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ABSTRACT: In blind people, the visual channel cannot assist face-to-face communication via lipreading or visual prosody. Nevertheless, the visual system may enhance the evaluation of auditory information due to its cross-links to (1) the auditory system, (2) supramodal representations, and (3) frontal action-related areas. Apart from feedback or top-down support of, for example, the processing of spatial or phonological representations, experimental data have shown that the visual system can impact auditory perception at more basic computational stages such as temporal signal resolution. For example, blind as compared to sighted subjects are more resistant against backward masking, and this ability appears to be associated with activity in visual cortex. Regarding the comprehension of continuous speech, blind subjects can learn to use accelerated text-to-speech systems for "reading" texts at ultra-fast speaking rates (>16 syllables/s), exceeding by far the normal range of 6 syllables/s. A functional magnetic resonance imaging study has shown that this ability, among other brain regions, significantly covaries with BOLD responses in bilateral pulvinar, right visual cortex, and left supplementary motor area. Furthermore, magnetoencephalographic measurements revealed a particular component in right occipital cortex phase-locked to the syllable onsets of accelerated speech. In sighted people, the "bottleneck" for understanding time-compressed speech seems related to higher demands for buffering phonological material and is, presumably, linked to frontal brain structures. On the other hand, the neurophysiological correlates of functions overcoming this bottleneck, seem to depend upon early visual cortex activity. The present Hypothesis and Theory paper outlines a model that aims at binding these data together, based on early cross-modal pathways that are already known from various audiovisual experiments on cross-modal adjustments during space, time, and object recognition.Frontiers in Psychology 08/2013; 4:530. DOI:10.3389/fpsyg.2013.00530 · 2.80 Impact Factor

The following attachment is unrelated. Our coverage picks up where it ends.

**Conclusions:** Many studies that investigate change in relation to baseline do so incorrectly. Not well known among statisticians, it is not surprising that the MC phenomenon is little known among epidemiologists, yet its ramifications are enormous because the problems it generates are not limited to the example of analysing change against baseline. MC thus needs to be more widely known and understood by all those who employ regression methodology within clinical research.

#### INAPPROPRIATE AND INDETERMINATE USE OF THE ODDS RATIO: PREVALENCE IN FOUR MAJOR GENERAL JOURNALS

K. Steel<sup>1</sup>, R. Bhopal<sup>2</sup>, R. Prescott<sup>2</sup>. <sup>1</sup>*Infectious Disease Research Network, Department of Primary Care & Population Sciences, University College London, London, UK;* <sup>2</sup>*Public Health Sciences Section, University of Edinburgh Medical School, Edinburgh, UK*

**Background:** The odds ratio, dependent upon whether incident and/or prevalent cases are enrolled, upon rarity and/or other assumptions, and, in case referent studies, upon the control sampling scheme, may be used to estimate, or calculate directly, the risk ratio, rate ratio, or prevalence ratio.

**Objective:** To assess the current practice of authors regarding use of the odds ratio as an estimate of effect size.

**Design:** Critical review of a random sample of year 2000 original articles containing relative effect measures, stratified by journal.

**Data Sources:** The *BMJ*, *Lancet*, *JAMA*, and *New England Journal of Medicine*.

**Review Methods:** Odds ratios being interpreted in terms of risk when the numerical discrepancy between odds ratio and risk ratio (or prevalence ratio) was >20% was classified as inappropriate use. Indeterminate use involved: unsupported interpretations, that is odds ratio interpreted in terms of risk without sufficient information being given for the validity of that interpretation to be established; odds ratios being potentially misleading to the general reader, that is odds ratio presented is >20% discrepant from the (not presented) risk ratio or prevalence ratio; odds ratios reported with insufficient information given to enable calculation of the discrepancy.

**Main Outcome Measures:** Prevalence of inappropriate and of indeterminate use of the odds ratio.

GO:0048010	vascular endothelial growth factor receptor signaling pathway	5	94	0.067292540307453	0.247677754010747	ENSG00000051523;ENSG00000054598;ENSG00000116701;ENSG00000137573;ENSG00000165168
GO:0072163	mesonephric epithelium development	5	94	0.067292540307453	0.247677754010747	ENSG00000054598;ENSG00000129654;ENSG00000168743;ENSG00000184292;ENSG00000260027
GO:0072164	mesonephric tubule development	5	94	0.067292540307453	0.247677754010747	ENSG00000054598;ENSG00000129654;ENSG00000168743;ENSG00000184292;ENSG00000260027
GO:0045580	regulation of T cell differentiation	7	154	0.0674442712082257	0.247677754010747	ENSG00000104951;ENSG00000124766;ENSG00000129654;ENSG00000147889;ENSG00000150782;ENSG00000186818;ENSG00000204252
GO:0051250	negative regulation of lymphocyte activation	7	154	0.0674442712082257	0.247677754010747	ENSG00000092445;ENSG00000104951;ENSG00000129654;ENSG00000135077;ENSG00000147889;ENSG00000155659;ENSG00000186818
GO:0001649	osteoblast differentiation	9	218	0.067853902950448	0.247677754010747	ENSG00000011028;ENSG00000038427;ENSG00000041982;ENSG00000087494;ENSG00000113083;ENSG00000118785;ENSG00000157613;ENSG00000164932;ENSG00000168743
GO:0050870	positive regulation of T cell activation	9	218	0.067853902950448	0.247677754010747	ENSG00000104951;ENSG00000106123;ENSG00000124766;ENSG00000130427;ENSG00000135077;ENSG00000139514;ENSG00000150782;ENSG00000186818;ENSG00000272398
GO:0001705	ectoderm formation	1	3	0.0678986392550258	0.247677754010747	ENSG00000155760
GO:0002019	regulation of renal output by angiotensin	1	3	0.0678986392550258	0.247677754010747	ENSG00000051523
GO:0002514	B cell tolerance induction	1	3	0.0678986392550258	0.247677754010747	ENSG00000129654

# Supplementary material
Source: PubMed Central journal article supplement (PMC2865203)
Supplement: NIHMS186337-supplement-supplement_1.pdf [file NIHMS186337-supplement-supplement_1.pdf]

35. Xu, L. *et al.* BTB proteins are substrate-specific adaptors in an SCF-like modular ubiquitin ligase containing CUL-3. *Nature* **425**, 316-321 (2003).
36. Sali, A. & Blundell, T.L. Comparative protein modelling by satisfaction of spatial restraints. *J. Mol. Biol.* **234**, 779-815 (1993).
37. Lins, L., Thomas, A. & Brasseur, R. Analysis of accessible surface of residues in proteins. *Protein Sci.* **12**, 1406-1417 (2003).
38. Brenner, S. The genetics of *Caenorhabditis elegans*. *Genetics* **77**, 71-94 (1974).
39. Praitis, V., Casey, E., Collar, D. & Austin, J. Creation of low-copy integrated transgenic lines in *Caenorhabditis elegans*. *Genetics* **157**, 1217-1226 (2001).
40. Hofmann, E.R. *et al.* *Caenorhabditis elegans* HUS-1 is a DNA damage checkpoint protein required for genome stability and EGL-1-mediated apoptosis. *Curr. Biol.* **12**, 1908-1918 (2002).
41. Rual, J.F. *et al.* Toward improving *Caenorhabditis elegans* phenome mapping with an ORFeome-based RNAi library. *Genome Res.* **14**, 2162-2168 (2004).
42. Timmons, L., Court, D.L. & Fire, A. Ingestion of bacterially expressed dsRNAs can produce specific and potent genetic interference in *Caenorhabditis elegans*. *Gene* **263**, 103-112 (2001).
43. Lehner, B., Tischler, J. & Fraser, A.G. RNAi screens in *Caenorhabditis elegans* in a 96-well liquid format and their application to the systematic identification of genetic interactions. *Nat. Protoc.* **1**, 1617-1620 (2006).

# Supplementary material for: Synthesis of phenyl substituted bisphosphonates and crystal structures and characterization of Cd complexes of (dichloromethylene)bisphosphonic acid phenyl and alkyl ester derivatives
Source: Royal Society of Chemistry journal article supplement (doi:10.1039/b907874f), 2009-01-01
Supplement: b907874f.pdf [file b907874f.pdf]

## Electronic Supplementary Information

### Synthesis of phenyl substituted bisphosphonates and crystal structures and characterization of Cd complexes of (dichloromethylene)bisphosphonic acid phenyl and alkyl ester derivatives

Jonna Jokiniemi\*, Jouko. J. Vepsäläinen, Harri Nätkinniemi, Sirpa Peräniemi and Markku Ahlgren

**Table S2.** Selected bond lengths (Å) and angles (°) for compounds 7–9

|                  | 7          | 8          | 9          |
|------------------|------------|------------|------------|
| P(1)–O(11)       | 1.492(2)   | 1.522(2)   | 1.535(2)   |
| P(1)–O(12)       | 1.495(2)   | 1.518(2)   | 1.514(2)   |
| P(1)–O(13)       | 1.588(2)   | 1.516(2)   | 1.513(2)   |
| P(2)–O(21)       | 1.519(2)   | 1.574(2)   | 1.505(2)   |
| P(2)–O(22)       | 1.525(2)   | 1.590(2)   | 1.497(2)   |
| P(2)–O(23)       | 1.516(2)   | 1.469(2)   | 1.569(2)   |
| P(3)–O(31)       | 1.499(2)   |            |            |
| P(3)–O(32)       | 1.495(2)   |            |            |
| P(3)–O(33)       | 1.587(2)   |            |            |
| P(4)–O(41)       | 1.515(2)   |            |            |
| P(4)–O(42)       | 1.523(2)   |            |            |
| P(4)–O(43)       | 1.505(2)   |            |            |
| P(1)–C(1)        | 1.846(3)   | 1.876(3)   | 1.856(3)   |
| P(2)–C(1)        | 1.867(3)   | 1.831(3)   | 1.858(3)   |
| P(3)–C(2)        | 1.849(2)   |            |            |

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ABSTRACT: Sensory information is multimodal; through audiovisual interaction, task-irrelevant auditory stimuli tend to speed response times and increase visual perception accuracy. However, mechanisms underlying these performance enhancements have remained unclear. We hypothesize that task-irrelevant auditory stimuli might provide reliable temporal and spatial cues for visual target discrimination and behavioral response enhancement. Using signal detection theory, the present study investigated the effects of spatiotemporal relationships on auditory facilitation of visual target discrimination. Three experiments were conducted where an auditory stimulus maintained reliable temporal and/or spatial relationships with visual target stimuli. Results showed that perception sensitivity (d′ ) to visual target stimuli was enhanced only when a task-irrelevant auditory stimulus maintained reliable spatiotemporal relationships with a visual target stimulus. When only reliable spatial or temporal information was contained, perception sensitivity was not enhanced. These results suggest that reliable spatiotemporal relationships between visual and auditory signals are required for audiovisual integration during a visual discrimination task, most likely due to a spread of attention. These results also indicate that auditory facilitation of visual target discrimination follows from late-stage cognitive processes rather than early stage sensory processes.Perception 03/2015; 44(3):232 – 242. DOI:10.1068/p7846 · 1.11 Impact Factor